February 4, 2011
Virginia Cramer, 804-225-9113 x 102
Plans for 150 New Coal Plants Scrapped
Transition to Clean Energy Picks Up Steam
Washington, DC: Purdue University has cancelled plans for a new campus coal plant, making the plant the 150th to be defeated or abandoned since the beginning of the coal rush in 2001. Thanks in part to the Sierra Club’s Beyond Coal Campaign, in the last two years no new coal plants have started construction and the industry has announced the phase out of over 50 plants.
Purdue was the only university in the country planning to build a new coal plant. At the same time nearly a dozen other schools have committed to ending their dependence on campus coal plants by switching to cleaner sources of energy.
"The way people, businesses, governments and schools think about energy has shifted. The dirty coal status-quo is no longer acceptable," said Mary Anne Hitt, director of the Sierra Club’s Beyond Coal Campaign. "It is clear that clean energy technologies—ones that don’t spew life-threatening pollution into our air and water—are the way to a prosperous, secure energy future."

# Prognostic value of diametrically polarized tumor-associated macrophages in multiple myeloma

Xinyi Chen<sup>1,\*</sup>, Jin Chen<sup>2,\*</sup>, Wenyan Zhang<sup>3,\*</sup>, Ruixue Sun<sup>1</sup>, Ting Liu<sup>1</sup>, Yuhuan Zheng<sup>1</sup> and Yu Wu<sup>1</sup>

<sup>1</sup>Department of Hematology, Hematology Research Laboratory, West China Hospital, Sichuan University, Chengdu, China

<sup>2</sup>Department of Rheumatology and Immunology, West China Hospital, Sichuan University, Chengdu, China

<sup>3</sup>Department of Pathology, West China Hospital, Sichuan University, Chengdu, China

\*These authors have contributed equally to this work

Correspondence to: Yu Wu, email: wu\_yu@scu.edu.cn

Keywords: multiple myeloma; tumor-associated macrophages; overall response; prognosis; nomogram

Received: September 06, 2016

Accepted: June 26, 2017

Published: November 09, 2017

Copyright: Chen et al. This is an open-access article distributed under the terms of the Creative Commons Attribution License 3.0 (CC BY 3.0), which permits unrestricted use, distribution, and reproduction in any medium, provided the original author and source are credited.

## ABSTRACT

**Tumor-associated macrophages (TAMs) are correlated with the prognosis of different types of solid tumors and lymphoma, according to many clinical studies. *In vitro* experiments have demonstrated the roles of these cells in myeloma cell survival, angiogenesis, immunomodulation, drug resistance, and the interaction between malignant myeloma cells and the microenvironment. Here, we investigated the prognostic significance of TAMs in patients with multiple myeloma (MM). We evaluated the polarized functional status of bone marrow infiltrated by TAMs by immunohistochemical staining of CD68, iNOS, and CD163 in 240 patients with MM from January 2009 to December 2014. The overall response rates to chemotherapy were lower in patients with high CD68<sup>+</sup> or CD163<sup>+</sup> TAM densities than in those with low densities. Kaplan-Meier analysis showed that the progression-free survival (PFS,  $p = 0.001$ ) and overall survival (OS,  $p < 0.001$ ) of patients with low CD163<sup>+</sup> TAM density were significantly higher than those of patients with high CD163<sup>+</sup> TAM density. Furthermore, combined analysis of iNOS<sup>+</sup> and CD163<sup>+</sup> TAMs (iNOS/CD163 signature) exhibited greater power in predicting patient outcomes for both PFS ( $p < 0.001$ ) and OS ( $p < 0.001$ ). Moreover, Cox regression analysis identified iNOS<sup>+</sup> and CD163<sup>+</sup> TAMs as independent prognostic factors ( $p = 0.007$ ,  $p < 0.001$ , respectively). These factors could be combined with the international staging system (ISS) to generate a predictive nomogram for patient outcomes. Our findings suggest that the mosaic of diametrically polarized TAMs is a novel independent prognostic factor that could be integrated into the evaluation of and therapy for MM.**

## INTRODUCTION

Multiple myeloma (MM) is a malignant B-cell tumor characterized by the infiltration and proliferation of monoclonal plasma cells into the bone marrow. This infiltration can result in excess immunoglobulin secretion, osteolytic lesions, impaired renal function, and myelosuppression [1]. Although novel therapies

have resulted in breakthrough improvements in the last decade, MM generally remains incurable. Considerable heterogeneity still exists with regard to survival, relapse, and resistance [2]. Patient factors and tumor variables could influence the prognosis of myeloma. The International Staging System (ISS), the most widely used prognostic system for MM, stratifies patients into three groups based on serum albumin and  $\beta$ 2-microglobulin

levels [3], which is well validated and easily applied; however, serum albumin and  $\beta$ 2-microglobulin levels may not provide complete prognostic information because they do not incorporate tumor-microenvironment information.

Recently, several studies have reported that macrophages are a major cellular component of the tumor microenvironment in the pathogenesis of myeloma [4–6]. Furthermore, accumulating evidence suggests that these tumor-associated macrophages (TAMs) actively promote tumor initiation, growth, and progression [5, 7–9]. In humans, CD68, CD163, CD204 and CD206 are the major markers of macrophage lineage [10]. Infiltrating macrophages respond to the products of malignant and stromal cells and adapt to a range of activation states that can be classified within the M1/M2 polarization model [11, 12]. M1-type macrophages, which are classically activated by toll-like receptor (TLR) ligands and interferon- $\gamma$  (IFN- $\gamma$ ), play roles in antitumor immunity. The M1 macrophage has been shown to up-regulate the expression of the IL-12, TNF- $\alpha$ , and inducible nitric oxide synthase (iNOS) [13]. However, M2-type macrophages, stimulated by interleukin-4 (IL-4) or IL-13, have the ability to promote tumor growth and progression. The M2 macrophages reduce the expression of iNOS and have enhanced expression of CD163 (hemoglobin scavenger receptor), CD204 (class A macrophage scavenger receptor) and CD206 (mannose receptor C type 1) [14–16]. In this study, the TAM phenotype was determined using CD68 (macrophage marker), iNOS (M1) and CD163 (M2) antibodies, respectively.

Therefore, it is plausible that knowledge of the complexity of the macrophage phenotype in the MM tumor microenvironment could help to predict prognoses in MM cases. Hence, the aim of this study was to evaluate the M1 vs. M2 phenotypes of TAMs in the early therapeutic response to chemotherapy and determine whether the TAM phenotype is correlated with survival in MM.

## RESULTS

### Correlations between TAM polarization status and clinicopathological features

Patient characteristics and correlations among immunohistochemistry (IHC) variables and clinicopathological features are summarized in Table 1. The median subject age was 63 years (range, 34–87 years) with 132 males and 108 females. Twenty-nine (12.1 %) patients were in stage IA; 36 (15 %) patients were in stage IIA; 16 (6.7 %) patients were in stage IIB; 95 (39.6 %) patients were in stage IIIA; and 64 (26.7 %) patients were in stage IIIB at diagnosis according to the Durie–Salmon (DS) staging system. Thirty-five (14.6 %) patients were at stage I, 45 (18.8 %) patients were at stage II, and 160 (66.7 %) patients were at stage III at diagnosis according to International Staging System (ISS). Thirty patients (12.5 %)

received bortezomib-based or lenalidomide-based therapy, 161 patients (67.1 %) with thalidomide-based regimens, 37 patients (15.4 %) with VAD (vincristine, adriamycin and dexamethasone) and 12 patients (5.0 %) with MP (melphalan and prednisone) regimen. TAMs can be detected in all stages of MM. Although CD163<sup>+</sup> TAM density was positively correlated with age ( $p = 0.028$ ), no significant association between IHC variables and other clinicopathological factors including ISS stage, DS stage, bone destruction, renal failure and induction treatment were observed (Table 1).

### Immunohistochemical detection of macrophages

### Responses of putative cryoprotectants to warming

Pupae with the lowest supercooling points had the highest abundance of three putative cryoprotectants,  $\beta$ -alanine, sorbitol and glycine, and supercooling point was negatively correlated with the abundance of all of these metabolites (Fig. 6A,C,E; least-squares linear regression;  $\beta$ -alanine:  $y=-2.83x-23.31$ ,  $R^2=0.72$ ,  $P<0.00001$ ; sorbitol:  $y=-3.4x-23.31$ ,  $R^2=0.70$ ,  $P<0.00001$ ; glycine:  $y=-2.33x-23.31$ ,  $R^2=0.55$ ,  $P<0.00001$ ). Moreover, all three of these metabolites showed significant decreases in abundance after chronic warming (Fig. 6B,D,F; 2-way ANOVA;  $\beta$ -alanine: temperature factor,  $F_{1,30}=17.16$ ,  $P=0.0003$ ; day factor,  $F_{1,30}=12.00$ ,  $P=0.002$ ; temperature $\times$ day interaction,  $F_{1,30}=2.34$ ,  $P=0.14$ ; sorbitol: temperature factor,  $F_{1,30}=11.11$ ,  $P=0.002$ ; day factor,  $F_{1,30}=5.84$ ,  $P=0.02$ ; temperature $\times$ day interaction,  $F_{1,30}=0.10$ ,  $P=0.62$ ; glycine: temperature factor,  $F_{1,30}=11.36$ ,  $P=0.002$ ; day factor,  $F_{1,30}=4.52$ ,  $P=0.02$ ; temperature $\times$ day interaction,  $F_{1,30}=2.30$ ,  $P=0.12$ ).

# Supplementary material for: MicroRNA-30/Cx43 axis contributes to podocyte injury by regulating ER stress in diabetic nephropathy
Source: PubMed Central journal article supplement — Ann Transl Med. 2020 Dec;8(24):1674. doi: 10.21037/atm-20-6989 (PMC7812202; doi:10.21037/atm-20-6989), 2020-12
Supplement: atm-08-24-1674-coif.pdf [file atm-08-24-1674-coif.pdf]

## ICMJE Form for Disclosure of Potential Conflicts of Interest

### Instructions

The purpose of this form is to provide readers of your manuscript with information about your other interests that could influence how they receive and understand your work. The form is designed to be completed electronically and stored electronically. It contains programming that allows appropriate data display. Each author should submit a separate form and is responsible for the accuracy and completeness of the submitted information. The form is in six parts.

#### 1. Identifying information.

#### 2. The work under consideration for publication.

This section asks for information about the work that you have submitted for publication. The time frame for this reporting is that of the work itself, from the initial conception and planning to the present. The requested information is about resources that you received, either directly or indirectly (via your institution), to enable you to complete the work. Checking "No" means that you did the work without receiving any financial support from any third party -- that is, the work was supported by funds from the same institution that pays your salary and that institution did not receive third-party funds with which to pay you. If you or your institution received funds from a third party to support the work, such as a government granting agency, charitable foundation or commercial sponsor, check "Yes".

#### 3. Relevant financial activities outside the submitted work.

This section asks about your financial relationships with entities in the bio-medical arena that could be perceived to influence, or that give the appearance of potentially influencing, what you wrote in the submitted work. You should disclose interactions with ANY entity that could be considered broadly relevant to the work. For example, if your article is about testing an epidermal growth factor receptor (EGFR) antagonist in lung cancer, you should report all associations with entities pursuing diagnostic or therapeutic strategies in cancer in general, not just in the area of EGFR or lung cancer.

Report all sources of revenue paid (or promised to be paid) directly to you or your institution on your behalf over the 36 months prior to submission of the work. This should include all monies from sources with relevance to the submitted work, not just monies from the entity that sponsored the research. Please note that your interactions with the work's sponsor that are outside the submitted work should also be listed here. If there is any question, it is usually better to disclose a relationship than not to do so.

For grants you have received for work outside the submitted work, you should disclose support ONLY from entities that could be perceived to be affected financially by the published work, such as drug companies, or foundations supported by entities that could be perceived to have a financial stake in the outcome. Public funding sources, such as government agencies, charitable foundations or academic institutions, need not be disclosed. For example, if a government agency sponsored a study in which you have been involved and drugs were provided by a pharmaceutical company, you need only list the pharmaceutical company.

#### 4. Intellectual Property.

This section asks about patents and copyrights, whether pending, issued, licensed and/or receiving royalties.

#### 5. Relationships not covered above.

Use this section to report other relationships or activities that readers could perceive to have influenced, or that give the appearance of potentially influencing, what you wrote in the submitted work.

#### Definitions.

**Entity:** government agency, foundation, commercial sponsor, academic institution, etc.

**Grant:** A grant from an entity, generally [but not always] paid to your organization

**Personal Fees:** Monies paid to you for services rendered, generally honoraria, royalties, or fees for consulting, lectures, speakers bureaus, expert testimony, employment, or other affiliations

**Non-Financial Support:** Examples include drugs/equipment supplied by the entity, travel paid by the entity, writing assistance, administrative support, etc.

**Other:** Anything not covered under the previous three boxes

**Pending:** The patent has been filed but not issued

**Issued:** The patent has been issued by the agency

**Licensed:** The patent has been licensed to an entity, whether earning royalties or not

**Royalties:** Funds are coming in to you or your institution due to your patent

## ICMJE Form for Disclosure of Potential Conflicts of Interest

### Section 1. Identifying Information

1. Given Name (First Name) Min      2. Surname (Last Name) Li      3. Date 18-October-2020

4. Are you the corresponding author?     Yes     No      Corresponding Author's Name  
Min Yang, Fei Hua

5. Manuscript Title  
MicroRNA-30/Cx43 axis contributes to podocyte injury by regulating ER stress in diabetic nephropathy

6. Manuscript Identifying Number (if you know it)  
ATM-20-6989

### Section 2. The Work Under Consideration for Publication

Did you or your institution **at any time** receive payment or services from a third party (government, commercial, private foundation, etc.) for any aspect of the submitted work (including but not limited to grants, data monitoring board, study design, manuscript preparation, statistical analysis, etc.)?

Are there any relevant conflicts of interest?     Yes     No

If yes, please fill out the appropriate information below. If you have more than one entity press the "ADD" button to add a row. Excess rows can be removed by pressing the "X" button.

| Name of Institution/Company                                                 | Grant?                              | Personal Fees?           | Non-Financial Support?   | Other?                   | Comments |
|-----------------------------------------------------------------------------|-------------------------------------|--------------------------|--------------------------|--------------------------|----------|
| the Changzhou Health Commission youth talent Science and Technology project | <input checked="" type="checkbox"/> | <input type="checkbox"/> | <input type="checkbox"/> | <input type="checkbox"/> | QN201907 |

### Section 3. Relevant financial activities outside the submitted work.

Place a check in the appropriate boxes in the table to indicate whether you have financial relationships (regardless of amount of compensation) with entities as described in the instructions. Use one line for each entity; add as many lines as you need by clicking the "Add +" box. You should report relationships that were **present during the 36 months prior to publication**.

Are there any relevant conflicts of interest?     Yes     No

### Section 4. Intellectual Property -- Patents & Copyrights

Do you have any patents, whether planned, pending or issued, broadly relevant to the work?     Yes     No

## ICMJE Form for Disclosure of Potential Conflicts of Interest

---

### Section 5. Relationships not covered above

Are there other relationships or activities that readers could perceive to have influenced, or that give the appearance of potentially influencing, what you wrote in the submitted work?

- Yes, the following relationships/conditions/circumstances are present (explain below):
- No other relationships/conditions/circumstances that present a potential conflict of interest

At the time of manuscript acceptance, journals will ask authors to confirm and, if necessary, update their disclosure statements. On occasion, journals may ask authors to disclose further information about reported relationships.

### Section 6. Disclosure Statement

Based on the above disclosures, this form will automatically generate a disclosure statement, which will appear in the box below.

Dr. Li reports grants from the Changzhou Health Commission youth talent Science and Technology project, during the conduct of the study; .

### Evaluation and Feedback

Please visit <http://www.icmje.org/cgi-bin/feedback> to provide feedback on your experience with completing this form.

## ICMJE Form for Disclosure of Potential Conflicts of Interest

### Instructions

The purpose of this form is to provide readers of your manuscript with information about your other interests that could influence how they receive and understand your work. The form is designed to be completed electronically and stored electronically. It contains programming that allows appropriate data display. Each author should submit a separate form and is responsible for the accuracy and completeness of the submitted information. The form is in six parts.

At the beginning of the coal rush more than 150 coal plants were slated for construction. Today a majority of those projects have been defeated or abandoned because of tremendous grassroots pressure, rising costs and a slate of clean up requirements expected from the Environmental Protection Agency.
As major sources of life-threatening soot, smog and mercury pollution existing coal plants are coming under increasing scrutiny. Activists with the Sierra Club’s Beyond Coal Campaign are working on the ground in almost every state to phase out outdated coal plants and transition to cleaner, cheaper options for their area.
"The pollution from these coal plants is making us sick, worsening asthma, stifling childhood development and cutting short thousands of lives. Phasing out coal is essential to cleaning up our air and water, and protecting our families," said Verena Owen volunteer chair of the Beyond Coal Campaign. "Making the switch to clean energy, like wind and solar, is good for our health, but it will also create jobs which makes it good for our economy too."
For more, visit www.sierraclub.org/coal .